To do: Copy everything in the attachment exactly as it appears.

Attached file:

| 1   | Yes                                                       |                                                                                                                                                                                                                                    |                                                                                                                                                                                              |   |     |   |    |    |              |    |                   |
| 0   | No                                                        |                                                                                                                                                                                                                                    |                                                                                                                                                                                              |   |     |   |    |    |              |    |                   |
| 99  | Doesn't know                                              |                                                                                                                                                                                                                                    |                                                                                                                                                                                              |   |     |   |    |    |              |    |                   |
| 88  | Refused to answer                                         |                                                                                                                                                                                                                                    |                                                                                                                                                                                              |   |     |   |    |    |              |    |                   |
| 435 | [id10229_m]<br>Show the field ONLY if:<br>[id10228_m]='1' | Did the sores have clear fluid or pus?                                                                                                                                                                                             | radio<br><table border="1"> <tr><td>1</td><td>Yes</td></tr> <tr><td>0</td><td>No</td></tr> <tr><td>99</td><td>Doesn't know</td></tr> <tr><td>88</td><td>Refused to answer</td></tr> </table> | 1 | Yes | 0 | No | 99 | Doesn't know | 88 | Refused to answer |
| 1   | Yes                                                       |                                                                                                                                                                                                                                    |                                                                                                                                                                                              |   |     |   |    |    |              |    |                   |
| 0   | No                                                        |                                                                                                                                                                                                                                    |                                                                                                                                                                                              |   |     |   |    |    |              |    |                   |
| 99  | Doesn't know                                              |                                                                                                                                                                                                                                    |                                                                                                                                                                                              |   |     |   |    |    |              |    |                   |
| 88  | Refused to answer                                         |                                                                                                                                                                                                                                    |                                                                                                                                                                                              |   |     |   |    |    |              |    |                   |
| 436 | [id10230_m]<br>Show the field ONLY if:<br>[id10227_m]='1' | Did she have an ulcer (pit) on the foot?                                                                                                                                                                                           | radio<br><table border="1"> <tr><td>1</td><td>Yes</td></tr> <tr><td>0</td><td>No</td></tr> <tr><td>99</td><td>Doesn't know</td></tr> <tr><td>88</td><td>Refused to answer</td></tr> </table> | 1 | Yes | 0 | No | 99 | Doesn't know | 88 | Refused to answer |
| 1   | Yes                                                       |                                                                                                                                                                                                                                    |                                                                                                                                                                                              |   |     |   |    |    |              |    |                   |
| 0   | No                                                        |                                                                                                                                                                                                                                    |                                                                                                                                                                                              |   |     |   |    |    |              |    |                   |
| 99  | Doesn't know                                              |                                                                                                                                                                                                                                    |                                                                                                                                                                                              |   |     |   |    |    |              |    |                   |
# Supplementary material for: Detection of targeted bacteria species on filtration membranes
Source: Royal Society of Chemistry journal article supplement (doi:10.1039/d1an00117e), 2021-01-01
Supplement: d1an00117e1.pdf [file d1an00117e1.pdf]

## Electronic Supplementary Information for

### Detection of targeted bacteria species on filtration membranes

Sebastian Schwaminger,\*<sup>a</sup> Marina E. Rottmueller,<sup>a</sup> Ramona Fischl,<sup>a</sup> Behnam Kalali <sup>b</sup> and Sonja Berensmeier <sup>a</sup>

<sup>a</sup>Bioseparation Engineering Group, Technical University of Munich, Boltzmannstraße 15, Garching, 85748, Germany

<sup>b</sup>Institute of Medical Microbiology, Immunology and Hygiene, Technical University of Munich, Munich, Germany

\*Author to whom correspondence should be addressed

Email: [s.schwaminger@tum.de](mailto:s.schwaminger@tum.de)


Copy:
| 1   | Yes                                                       |                                                                                                                                                                                                                                    |                                                                                                                                                                                              |   |     |   |    |    |              |    |                   |
| 0   | No                                                        |                                                                                                                                                                                                                                    |                                                                                                                                                                                              |   |     |   |    |    |              |    |                   |
| 99  | Doesn't know                                              |                                                                                                                                                                                                                                    |                                                                                                                                                                                              |   |     |   |    |    |              |    |                   |
| 88  | Refused to answer                                         |                                                                                                                                                                                                                                    |                                                                                                                                                                                              |   |     |   |    |    |              |    |                   |
| 435 | [id10229_m]<br>Show the field ONLY if:<br>[id10228_m]='1' | Did the sores have clear fluid or pus?                                                                                                                                                                                             | radio<br><table border="1"> <tr><td>1</td><td>Yes</td></tr> <tr><td>0</td><td>No</td></tr> <tr><td>99</td><td>Doesn't know</td></tr> <tr><td>88</td><td>Refused to answer</td></tr> </table> | 1 | Yes | 0 | No | 99 | Doesn't know | 88 | Refused to answer |
| 1   | Yes                                                       |                                                                                                                                                                                                                                    |                                                                                                                                                                                              |   |     |   |    |    |              |    |                   |
| 0   | No                                                        |                                                                                                                                                                                                                                    |                                                                                                                                                                                              |   |     |   |    |    |              |    |                   |
| 99  | Doesn't know                                              |                                                                                                                                                                                                                                    |                                                                                                                                                                                              |   |     |   |    |    |              |    |                   |
| 88  | Refused to answer                                         |                                                                                                                                                                                                                                    |                                                                                                                                                                                              |   |     |   |    |    |              |    |                   |
| 436 | [id10230_m]<br>Show the field ONLY if:<br>[id10227_m]='1' | Did she have an ulcer (pit) on the foot?                                                                                                                                                                                           | radio<br><table border="1"> <tr><td>1</td><td>Yes</td></tr> <tr><td>0</td><td>No</td></tr> <tr><td>99</td><td>Doesn't know</td></tr> <tr><td>88</td><td>Refused to answer</td></tr> </table> | 1 | Yes | 0 | No | 99 | Doesn't know | 88 | Refused to answer |
| 1   | Yes                                                       |                                                                                                                                                                                                                                    |                                                                                                                                                                                              |   |     |   |    |    |              |    |                   |
| 0   | No                                                        |                                                                                                                                                                                                                                    |                                                                                                                                                                                              |   |     |   |    |    |              |    |                   |
| 99  | Doesn't know                                              |                                                                                                                                                                                                                                    |                                                                                                                                                                                              |   |     |   |    |    |              |    |                   |
# Supplementary material for: Detection of targeted bacteria species on filtration membranes
Source: Royal Society of Chemistry journal article supplement (doi:10.1039/d1an00117e), 2021-01-01
Supplement: d1an00117e1.pdf [file d1an00117e1.pdf]

## Electronic Supplementary Information for

### Detection of targeted bacteria species on filtration membranes

Sebastian Schwaminger,\*<sup>a</sup> Marina E. Rottmueller,<sup>a</sup> Ramona Fischl,<sup>a</sup> Behnam Kalali <sup>b</sup> and Sonja Berensmeier <sup>a</sup>

<sup>a</sup>Bioseparation Engineering Group, Technical University of Munich, Boltzmannstraße 15, Garching, 85748, Germany

<sup>b</sup>Institute of Medical Microbiology, Immunology and Hygiene, Technical University of Munich, Munich, Germany

\*Author to whom correspondence should be addressed

Email: [s.schwaminger@tum.de](mailto:s.schwaminger@tum.de)